He said although the Finance Minister had, in accordance with the provisions of the Petroleum Revenue Management Act, been publishing the revenues accruing from oil, the money was not been efficiently managed.
He argued the oil resource will not bring about the anticipated economic progress if the current trend continues.
Dr Amin was speaking to Myjoyonline.com on the sidelines of a training workshop for oil and gas reporters, organized by the Institute for ICT Journalism (Penplusbytes).
The Executive Director of the Africa Centre for Energy Policy said, in 2013 for instance, “$24 million was spread over 64 road projects, covering 2,124 kilometers; this is not efficient spending because each of these projects, if we maintain this rate of disbursement, will take not less than 30 years to complete.”
According to him, many projects being funded with oil revenues have suffered time and cost-overruns; “in some cases the costs have doubled.”
He said the Asankragua road, for instance, was awarded at 24 million cedis in 2011 but the amount had ballooned to 42 million Euros.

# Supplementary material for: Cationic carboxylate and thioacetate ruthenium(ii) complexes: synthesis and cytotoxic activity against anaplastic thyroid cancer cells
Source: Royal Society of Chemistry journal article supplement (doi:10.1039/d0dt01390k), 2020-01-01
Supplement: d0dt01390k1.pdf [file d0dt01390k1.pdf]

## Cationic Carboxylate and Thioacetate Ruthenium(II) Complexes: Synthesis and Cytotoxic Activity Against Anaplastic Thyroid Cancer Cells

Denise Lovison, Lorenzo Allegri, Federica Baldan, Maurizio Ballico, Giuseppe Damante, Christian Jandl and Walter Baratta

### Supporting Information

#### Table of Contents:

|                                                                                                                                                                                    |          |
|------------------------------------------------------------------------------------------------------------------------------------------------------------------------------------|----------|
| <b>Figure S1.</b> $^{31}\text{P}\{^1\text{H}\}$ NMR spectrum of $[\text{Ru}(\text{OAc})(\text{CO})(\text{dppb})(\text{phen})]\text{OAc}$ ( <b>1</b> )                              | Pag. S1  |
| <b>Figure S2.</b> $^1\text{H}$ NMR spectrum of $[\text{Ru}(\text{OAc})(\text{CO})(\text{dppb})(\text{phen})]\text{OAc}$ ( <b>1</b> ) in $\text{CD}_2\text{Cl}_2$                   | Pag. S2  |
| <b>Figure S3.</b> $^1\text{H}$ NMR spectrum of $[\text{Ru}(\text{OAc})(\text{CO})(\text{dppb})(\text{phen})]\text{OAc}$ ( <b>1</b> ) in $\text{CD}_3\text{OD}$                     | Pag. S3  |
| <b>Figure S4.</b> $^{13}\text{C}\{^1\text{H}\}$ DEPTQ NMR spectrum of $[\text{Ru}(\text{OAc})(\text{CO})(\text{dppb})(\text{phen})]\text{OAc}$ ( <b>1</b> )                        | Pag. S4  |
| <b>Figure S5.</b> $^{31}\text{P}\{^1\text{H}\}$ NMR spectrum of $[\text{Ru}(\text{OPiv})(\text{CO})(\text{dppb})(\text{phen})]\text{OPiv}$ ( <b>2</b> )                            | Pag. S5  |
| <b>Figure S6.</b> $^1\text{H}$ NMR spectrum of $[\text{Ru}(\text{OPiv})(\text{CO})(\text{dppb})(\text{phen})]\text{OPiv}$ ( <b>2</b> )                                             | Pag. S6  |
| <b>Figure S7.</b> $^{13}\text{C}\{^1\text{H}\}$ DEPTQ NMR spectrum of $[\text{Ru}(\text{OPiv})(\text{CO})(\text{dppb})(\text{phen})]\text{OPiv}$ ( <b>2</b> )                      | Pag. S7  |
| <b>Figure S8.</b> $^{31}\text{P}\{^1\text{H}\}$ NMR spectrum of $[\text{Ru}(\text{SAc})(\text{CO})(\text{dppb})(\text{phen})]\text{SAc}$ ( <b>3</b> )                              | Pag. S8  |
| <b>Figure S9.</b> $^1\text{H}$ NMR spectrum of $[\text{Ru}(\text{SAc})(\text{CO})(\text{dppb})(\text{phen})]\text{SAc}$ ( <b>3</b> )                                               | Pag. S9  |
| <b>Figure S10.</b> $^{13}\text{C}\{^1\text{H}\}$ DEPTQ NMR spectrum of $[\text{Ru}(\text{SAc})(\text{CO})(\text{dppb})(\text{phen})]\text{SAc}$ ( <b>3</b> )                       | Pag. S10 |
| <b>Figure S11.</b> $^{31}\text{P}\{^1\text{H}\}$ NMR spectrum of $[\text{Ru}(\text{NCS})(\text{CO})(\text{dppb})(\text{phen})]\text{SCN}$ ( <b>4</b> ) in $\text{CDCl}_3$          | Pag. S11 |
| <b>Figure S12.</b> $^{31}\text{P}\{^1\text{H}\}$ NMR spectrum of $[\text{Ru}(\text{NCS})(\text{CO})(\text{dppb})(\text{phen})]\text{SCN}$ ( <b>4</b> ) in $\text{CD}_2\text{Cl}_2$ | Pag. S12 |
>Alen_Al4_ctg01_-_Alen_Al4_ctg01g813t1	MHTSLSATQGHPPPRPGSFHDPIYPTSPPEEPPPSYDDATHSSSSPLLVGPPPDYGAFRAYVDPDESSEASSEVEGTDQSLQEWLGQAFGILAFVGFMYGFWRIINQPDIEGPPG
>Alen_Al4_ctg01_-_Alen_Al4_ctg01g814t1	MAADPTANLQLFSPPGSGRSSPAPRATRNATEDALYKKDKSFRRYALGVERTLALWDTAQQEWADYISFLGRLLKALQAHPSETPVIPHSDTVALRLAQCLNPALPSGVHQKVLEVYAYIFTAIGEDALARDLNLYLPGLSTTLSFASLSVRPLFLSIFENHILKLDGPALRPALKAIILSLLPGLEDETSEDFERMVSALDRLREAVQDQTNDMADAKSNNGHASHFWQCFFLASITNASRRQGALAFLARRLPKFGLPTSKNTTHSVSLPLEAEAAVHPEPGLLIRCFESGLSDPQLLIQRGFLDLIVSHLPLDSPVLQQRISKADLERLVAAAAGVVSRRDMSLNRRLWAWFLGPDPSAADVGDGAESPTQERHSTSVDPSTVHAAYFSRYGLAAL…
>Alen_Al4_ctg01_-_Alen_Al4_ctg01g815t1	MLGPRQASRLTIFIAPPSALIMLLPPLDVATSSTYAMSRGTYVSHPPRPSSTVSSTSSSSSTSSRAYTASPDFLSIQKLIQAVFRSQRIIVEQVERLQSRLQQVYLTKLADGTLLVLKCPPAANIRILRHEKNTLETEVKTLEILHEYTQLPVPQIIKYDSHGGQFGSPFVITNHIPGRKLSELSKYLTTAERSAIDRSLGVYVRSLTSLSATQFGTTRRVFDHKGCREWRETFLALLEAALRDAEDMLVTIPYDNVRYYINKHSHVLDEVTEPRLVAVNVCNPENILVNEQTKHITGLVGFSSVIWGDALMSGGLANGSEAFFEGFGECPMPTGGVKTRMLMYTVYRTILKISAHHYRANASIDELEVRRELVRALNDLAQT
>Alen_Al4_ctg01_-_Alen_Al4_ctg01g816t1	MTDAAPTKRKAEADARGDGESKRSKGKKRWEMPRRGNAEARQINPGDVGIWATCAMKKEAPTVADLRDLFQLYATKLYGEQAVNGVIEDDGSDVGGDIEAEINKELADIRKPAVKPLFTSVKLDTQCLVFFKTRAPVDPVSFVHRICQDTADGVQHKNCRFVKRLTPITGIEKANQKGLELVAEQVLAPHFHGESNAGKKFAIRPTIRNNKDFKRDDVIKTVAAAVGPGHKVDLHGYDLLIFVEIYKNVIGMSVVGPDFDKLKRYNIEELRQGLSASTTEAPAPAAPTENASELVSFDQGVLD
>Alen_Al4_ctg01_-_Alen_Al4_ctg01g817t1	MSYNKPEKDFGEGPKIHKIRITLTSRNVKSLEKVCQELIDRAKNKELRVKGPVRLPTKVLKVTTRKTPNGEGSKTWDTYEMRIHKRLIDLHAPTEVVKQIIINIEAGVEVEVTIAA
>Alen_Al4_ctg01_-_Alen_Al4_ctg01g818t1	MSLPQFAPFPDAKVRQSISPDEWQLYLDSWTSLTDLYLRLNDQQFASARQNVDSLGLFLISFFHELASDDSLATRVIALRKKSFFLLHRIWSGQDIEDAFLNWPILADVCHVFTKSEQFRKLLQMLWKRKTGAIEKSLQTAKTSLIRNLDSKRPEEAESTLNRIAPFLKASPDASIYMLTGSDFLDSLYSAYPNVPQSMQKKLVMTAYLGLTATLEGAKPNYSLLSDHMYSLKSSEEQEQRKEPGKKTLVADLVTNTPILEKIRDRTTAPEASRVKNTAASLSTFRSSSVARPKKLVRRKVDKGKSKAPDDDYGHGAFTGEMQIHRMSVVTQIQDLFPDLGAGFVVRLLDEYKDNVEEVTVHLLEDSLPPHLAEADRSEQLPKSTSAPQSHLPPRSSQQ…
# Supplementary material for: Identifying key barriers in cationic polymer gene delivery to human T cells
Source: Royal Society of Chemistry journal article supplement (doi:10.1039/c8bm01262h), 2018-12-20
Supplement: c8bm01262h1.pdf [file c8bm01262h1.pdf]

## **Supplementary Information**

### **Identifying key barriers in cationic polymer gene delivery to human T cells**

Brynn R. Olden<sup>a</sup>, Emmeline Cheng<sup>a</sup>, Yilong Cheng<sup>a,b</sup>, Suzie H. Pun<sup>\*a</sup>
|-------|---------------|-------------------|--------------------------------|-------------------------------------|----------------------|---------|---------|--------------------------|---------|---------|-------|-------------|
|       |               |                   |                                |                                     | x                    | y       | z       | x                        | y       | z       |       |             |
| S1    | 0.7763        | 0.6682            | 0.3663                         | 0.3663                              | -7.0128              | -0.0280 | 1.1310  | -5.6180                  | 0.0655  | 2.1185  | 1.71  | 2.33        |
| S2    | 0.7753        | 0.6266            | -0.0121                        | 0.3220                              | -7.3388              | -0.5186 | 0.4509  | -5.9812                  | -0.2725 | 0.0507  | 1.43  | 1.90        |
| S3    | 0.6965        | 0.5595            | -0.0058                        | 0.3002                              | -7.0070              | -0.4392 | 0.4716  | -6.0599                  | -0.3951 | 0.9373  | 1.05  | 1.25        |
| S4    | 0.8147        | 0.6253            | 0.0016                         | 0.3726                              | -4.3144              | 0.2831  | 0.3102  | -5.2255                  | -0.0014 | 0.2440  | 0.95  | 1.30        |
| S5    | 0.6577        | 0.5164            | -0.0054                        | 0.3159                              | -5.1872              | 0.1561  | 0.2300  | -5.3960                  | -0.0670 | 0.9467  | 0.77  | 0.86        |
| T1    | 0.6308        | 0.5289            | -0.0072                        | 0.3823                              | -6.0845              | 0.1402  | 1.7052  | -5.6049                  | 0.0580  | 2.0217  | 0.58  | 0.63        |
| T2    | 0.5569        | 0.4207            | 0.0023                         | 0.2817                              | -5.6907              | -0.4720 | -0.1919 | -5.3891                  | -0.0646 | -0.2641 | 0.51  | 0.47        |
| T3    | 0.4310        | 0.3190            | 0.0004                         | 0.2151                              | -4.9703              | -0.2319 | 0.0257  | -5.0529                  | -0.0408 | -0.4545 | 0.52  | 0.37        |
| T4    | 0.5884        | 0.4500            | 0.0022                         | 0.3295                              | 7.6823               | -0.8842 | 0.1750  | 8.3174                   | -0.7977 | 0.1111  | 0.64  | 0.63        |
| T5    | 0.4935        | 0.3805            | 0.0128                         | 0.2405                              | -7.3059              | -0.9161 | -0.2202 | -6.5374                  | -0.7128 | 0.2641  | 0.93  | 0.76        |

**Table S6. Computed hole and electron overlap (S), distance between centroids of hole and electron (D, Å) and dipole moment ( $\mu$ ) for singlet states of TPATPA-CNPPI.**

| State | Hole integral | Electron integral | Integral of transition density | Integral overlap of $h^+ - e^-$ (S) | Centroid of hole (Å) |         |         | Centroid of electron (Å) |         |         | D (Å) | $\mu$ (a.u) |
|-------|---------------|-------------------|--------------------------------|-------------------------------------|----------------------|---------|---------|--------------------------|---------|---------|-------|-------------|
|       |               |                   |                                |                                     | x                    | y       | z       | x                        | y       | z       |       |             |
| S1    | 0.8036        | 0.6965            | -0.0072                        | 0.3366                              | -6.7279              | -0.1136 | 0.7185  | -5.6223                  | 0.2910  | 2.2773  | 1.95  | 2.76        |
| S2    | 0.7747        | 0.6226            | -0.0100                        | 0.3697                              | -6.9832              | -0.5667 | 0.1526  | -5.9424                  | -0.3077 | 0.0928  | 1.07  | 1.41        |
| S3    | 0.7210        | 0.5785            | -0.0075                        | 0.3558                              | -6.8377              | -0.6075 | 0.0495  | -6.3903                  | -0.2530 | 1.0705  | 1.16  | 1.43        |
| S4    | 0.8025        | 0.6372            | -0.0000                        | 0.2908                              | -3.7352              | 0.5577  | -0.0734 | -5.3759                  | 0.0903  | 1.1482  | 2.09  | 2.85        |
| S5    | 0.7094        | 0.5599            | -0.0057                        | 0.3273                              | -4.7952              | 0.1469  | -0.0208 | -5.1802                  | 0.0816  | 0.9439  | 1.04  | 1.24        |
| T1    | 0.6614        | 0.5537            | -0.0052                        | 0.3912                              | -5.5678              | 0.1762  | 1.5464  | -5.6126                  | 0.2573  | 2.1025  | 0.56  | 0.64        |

For him, the transparent declaration of the amounts of oil revenues received as well as the areas where those revenues are spent was not enough.
Efficiently managing the revenues by investing prudently was key, he maintained.
The ACEP Director, however, commended the Finance Minister Seth Terkper, for incorporating the Centre’s concerns and recommendations in the 2014 Budget Statement.
“There is a categorical statement in the budget that the oil money will now be spent on a few projects so we complete these projects for the sake of efficiency and effectiveness and to ensure that people benefit from our oil money,” he concluded.
Source: Abass Malik/myjoyonline
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